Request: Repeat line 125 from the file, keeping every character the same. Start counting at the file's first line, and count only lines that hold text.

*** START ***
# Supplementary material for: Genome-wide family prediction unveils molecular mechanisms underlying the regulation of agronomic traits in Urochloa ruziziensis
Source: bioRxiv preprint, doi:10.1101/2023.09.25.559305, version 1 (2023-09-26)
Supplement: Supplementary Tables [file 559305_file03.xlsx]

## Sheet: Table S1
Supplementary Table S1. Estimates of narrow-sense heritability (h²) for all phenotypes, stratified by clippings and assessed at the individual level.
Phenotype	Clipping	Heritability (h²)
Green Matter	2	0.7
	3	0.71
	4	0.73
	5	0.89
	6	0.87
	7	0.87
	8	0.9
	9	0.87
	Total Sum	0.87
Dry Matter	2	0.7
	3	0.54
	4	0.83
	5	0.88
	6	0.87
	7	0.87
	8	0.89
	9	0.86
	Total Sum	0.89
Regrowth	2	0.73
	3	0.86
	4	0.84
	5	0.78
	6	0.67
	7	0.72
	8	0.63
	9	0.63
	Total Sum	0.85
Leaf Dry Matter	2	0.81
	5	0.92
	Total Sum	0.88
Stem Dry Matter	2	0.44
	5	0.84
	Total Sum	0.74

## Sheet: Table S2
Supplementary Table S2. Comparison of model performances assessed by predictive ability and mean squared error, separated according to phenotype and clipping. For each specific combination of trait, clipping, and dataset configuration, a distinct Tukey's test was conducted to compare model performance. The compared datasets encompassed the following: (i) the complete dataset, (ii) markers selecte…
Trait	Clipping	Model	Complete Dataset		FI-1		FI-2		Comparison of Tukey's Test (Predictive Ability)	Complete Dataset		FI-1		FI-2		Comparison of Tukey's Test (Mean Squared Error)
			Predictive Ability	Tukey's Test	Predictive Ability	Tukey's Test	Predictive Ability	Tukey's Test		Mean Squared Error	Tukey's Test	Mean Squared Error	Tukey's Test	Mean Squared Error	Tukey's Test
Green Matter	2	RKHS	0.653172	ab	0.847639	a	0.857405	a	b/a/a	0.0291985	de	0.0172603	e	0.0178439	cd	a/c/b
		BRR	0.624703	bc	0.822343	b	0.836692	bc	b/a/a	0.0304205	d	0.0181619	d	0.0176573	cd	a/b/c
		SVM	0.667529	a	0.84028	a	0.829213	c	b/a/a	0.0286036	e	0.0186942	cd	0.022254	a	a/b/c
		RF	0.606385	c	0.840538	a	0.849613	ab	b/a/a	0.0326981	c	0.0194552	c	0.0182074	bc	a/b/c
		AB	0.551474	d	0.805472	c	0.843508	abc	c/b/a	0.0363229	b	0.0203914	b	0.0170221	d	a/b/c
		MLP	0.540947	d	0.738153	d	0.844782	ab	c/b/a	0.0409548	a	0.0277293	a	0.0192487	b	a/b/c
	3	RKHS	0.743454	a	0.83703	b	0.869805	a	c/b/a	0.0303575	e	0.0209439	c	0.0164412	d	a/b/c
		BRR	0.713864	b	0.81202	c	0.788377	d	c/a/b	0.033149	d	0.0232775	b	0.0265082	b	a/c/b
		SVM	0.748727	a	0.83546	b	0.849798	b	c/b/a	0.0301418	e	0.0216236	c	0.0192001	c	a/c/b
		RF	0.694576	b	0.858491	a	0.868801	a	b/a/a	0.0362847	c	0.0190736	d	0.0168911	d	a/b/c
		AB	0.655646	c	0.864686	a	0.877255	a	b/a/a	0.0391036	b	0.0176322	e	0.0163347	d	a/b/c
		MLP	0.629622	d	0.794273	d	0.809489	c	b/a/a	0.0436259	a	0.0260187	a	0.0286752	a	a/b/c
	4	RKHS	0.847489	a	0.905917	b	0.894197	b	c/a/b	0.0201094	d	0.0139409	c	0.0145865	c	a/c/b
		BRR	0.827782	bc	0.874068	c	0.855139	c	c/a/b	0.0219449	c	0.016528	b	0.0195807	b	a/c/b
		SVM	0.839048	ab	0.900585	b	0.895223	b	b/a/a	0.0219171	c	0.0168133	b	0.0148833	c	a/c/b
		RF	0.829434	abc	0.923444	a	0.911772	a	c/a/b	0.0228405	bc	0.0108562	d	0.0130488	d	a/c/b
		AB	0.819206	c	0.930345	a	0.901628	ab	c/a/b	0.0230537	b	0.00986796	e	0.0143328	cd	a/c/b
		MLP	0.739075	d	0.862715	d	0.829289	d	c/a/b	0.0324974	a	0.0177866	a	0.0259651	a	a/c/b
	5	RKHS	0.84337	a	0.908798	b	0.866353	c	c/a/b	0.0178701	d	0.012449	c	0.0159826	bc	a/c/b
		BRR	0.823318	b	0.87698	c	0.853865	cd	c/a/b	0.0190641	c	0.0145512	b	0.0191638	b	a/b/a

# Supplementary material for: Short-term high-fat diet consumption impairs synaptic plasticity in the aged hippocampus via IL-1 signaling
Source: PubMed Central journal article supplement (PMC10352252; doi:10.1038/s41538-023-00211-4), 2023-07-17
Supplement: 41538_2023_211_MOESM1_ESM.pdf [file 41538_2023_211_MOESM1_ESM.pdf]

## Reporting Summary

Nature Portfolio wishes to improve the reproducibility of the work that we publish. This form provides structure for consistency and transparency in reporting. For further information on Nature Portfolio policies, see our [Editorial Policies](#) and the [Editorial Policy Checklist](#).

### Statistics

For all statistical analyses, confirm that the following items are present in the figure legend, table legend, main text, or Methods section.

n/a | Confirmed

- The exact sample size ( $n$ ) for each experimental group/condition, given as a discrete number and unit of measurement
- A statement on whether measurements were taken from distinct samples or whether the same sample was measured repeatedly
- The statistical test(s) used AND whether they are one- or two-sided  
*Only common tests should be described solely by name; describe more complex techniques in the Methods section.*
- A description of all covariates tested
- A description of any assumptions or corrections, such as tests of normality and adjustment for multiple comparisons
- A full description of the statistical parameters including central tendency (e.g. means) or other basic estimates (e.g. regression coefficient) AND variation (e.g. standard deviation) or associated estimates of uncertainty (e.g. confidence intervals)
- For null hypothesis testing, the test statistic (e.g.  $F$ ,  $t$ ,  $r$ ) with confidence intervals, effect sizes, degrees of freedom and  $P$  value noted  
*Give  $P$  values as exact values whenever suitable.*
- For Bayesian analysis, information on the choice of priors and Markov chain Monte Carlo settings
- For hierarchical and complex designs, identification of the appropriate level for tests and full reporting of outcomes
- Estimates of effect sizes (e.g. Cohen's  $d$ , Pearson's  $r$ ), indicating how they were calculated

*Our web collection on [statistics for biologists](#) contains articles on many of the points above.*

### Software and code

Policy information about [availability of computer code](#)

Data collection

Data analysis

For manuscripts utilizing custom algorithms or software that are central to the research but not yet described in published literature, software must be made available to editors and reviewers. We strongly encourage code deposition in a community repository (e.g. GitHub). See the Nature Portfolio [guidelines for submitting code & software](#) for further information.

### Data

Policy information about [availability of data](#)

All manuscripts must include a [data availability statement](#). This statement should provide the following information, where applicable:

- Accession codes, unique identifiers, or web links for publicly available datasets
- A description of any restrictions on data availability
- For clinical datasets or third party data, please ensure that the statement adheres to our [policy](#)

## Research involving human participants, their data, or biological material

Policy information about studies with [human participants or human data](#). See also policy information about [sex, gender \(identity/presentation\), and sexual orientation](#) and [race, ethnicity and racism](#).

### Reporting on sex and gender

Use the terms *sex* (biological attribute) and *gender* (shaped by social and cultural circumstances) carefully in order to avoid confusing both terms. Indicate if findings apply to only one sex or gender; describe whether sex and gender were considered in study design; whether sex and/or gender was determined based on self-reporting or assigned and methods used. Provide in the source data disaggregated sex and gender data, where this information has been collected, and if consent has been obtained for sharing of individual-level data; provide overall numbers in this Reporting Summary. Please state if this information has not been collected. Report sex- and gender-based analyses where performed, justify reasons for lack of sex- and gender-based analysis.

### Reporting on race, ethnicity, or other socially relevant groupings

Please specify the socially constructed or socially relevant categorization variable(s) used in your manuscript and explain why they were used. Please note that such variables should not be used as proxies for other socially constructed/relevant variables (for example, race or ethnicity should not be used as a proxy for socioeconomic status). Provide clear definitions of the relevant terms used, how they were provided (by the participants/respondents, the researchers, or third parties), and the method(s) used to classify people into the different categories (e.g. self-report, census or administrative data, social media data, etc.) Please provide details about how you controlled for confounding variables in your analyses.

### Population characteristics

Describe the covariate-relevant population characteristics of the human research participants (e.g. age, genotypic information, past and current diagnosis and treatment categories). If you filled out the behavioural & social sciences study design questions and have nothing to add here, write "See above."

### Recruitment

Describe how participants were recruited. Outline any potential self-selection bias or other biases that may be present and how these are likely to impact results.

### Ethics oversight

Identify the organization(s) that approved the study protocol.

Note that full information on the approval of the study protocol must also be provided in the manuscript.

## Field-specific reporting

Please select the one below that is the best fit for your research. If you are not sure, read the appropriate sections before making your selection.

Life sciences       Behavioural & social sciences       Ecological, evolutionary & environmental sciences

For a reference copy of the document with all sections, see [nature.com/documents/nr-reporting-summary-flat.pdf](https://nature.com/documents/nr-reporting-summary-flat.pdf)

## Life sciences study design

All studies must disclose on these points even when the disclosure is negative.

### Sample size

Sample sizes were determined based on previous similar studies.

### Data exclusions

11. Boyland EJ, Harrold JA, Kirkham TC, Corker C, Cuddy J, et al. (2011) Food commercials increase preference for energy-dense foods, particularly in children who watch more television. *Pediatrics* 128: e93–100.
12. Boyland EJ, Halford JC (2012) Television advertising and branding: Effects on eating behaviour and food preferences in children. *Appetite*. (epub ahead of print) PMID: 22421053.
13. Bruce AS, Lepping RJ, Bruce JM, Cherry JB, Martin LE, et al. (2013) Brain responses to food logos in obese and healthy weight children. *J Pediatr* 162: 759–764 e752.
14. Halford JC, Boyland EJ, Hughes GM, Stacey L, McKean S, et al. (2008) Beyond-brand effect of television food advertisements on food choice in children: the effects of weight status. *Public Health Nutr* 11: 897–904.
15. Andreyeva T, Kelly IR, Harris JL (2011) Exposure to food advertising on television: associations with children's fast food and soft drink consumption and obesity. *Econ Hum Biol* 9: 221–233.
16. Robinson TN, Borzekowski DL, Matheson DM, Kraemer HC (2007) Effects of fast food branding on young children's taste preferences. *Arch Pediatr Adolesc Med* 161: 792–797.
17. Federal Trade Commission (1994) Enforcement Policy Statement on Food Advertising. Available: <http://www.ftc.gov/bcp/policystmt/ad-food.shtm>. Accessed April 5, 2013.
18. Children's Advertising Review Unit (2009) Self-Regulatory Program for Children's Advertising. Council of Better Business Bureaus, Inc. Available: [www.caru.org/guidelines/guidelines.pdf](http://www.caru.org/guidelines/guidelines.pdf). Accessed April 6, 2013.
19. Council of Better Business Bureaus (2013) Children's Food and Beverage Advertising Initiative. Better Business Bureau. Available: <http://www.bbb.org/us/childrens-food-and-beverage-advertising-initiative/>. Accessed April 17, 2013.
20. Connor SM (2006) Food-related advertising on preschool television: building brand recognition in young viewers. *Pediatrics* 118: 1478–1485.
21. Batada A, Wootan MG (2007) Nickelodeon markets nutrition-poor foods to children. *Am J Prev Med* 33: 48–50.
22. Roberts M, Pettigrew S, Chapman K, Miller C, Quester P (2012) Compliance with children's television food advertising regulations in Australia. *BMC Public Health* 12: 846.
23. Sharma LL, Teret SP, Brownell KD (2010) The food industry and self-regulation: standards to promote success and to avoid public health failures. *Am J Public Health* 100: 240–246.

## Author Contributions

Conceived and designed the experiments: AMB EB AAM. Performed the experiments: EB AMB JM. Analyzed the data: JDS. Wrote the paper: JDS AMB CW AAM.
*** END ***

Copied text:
18. Children's Advertising Review Unit (2009) Self-Regulatory Program for Children's Advertising. Council of Better Business Bureaus, Inc. Available: [www.caru.org/guidelines/guidelines.pdf](http://www.caru.org/guidelines/guidelines.pdf). Accessed April 6, 2013.